I imagine it’s bittersweet when one’s dire predictions become reality: on one hand, you’d have to be somewhat gratified to know you were right; on the other, you’re probably saddened that no one heeded you enough to take a different course and change their future. Some observers, including my partner and fellow Investment Advisor columnist Angie Herbers, have been predicting for more than three years that a growing shortage of professional talent coupled with low retention rates and virtually non-existent partnership tracks some day will adversely impact the independent advisory industry.
Now, data from the 2007 Moss Adams Compensation and Staffing Study of Advisory Firms shows us that day is today. If the majority of firms continue to fail to solve the problem, we just might see the massive consolidation of the brightest advisors, the wealthiest clients, and the vast majority of assets into the mega-firms that Mark Hurley predicted some ten years ago.
As we’ve seen in every Moss Adams study since 2001, the independent advisory industry continues to skyrocket in terms of clients, revenues, assets, and profits: average AUM was up 25.7% in 2006; from 2000 to 2006, average revenues jumped 253% ($632,000 to $1.6 million), and owners’ income increased 63% ($228,000 to $371,000). The past five years have, indeed, been a good time to be an independent advisor.
More insightfully, however, Moss Adams also provides us with a pretty clear answer about how the industry is generating this stellar growth: employee leverage. During that same five-year period, the average number of employees including the owner(s) at advisory firms has more than doubled, from two to five. But is adding more people a good thing? To validate the trend to build bigger firms, Moss Adams added a new measure this year–the return on labor, which is a firm’s total compensation expense divided by its operating profit–which has increased steadily from 22% in 2001 to 34% in 2006.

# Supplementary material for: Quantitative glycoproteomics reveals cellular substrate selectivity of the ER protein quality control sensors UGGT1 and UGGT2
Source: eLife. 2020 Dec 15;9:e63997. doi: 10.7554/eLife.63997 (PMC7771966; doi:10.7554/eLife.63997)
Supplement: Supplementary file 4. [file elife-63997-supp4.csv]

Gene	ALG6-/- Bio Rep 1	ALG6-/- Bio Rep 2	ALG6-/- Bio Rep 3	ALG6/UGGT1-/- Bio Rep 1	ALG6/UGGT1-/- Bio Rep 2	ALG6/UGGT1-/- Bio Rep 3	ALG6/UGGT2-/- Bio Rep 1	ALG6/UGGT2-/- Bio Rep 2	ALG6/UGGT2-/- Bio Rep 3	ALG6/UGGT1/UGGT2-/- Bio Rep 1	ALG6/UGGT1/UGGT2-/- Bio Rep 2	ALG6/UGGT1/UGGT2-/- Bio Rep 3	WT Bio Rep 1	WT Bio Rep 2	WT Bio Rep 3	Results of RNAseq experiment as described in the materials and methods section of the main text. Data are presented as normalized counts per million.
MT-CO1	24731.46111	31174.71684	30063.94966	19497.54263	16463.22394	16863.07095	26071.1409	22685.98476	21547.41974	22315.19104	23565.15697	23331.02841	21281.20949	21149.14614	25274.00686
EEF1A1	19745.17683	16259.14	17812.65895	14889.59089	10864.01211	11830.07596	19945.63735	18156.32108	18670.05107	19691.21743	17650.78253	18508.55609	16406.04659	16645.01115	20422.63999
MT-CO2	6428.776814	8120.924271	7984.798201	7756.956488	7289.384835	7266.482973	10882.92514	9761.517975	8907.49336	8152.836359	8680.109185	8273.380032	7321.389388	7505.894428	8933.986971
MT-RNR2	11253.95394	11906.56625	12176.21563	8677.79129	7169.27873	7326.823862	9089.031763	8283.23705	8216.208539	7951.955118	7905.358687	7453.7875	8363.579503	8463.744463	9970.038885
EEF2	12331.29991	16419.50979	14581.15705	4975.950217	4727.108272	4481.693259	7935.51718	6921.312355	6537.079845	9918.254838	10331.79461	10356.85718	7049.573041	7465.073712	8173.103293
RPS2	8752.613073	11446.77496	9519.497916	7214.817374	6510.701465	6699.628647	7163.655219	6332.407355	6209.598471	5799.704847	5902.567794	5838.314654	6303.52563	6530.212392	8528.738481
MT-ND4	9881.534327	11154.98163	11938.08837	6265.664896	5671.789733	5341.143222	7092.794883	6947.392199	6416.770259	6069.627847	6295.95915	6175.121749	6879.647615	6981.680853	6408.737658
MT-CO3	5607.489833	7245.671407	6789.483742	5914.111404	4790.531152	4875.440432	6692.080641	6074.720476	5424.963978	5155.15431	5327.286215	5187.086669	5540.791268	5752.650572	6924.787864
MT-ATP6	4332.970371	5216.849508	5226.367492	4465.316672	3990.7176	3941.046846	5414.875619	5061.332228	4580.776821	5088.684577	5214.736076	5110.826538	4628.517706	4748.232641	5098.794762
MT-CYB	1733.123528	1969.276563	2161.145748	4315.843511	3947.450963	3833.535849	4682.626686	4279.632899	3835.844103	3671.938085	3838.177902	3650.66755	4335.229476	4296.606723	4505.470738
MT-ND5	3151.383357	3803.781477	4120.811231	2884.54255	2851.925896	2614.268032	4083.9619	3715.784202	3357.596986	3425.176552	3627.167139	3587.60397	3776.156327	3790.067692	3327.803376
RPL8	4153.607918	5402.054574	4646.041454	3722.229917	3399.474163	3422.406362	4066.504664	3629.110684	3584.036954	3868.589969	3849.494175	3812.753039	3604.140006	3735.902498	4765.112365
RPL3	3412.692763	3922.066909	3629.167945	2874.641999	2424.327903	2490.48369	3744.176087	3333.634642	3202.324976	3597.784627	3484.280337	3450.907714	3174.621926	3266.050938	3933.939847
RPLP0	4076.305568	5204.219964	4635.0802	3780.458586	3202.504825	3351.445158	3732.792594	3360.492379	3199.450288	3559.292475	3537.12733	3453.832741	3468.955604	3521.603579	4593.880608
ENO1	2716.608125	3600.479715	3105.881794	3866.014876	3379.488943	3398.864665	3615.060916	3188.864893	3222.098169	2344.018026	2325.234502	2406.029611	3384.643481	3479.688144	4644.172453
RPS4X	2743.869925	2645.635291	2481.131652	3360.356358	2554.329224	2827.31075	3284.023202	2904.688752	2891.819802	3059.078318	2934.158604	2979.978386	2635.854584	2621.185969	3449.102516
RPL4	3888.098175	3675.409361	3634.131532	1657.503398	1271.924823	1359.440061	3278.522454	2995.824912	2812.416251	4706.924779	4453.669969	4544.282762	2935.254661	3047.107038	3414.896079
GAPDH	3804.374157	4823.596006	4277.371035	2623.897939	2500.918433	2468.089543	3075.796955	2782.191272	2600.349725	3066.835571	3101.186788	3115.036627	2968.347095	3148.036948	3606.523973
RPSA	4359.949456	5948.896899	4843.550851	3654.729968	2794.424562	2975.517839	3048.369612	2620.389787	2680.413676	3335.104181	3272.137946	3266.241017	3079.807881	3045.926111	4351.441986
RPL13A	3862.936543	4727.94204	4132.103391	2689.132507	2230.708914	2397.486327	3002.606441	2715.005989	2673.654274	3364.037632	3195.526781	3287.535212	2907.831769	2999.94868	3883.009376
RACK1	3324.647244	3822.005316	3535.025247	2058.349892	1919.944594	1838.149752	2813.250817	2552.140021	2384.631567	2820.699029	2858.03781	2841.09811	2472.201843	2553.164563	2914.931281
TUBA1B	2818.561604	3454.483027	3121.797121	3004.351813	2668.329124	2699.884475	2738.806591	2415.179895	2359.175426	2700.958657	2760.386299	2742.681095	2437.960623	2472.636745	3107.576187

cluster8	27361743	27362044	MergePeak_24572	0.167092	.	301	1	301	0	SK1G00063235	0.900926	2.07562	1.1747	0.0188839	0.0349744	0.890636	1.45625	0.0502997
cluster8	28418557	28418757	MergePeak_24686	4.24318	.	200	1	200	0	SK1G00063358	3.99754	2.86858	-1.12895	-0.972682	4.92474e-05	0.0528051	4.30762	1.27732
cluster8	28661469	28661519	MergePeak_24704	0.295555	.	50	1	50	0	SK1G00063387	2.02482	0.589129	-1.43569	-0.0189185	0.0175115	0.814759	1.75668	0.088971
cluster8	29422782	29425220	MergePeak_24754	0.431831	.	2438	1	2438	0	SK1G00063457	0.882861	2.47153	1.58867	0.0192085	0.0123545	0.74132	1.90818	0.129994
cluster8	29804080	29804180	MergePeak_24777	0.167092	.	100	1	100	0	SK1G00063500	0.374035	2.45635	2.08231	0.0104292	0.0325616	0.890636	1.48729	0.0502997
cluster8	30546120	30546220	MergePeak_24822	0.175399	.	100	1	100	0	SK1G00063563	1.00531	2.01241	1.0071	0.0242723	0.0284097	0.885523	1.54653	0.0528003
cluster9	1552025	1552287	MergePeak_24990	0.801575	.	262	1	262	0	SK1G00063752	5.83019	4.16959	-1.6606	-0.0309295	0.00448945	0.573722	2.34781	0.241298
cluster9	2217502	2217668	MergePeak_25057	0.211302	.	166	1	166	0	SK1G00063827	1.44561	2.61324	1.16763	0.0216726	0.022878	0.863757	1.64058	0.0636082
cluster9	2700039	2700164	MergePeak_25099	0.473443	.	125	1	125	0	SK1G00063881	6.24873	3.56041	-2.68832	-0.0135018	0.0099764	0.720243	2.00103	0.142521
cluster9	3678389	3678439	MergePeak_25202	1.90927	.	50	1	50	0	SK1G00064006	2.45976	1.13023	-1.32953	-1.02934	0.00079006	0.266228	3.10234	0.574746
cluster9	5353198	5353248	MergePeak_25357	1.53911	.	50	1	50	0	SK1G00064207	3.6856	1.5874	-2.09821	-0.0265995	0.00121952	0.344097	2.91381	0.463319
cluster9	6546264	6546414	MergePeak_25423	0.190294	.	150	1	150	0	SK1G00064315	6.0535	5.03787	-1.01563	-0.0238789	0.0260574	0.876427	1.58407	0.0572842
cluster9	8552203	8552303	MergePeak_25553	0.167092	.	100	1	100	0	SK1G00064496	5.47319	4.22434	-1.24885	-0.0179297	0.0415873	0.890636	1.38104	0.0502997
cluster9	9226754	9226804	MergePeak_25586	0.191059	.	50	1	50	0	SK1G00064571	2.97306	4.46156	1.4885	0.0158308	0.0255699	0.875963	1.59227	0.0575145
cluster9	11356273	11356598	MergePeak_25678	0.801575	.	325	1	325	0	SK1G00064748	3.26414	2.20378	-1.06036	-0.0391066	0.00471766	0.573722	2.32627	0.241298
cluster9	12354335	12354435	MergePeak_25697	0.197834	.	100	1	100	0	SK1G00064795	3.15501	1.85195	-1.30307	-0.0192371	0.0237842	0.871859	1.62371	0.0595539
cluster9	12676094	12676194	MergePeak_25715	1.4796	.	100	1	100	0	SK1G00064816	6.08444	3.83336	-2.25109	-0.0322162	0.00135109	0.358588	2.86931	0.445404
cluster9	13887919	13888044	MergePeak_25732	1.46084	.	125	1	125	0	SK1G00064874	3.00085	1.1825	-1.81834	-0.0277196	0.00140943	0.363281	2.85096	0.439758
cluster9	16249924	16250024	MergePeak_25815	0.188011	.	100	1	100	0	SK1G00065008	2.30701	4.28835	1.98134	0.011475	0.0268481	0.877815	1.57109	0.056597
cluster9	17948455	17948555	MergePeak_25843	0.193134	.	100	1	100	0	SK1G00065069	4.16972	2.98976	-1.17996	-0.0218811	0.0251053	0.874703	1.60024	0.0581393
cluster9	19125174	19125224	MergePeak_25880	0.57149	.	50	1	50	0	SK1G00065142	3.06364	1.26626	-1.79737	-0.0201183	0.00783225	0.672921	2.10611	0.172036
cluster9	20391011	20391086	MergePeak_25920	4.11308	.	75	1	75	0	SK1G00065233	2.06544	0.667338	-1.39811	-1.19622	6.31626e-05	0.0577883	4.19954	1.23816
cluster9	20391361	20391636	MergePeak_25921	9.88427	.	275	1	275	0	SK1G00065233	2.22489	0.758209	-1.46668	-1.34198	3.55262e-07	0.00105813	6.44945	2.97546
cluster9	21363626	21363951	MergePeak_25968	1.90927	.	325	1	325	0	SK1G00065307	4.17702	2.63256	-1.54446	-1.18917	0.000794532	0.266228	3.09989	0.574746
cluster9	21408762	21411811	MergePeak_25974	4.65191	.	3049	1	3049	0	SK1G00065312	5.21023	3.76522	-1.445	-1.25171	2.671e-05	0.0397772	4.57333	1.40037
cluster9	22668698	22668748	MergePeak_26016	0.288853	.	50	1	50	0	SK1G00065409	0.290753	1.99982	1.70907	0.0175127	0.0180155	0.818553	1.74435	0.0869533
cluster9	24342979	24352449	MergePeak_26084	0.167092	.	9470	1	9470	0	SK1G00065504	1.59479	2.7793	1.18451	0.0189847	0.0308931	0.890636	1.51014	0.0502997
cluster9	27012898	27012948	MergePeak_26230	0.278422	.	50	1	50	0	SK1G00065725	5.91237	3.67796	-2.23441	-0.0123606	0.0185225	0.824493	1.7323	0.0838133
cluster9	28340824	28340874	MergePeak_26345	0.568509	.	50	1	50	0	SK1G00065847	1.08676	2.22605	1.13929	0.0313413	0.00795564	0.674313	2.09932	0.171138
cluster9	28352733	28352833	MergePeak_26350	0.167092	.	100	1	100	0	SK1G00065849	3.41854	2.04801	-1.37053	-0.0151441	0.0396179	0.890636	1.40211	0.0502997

As you might imagine, with benefits of adding more people beginning to surface combined with new clients and their assets pouring through the doors of most firms, the demand for employees–particularly professional advisors–is also rising quickly.
(In 2006, 23% of firms hired professionals, while 37.2% said they expected to do so in 2007.) In fact, the demand is rising too quickly: faster than college programs can turn out new financial planners, and way faster than the industry’s makeshift training programs can turn them into real advisors. This demand is reflected in a 41% increase in compensation for lead advisors over the past two years, to $150,000 a year. You can only pay them that amount, of course, if you can find one to hire in the first place.
Poaching From Your Younger Brothers
It may well be that the most pressing challenge facing independent advisors today (at least those who want to grow beyond a solo firm) is where are they going to find the young advisors to help them grow their firms. I’m afraid the answer for the larger firms is going to be “from the smaller firms,” which will create an even greater economic divide between large and small firms, and concentrate a greater share of the brightest and the best of the industry at the larger firms.
Consider that the Moss Adams data is also clear that as firms get bigger, their productivity just continues to increase: Revenue per professional today is $272,500 for Early Ensembles (firms with more than one professional); $511,750 for Mature Ensembles (with multiple professionals and between $3 million and $5 million in annual revenues); and $719,330 for Market Dominators (firms with revenues over $5 million).
This increase in productivity translates directly into higher income for owners: $236k for early ensembles, $493k for mature ensembles, and a whopping $1,111,000 for market dominators.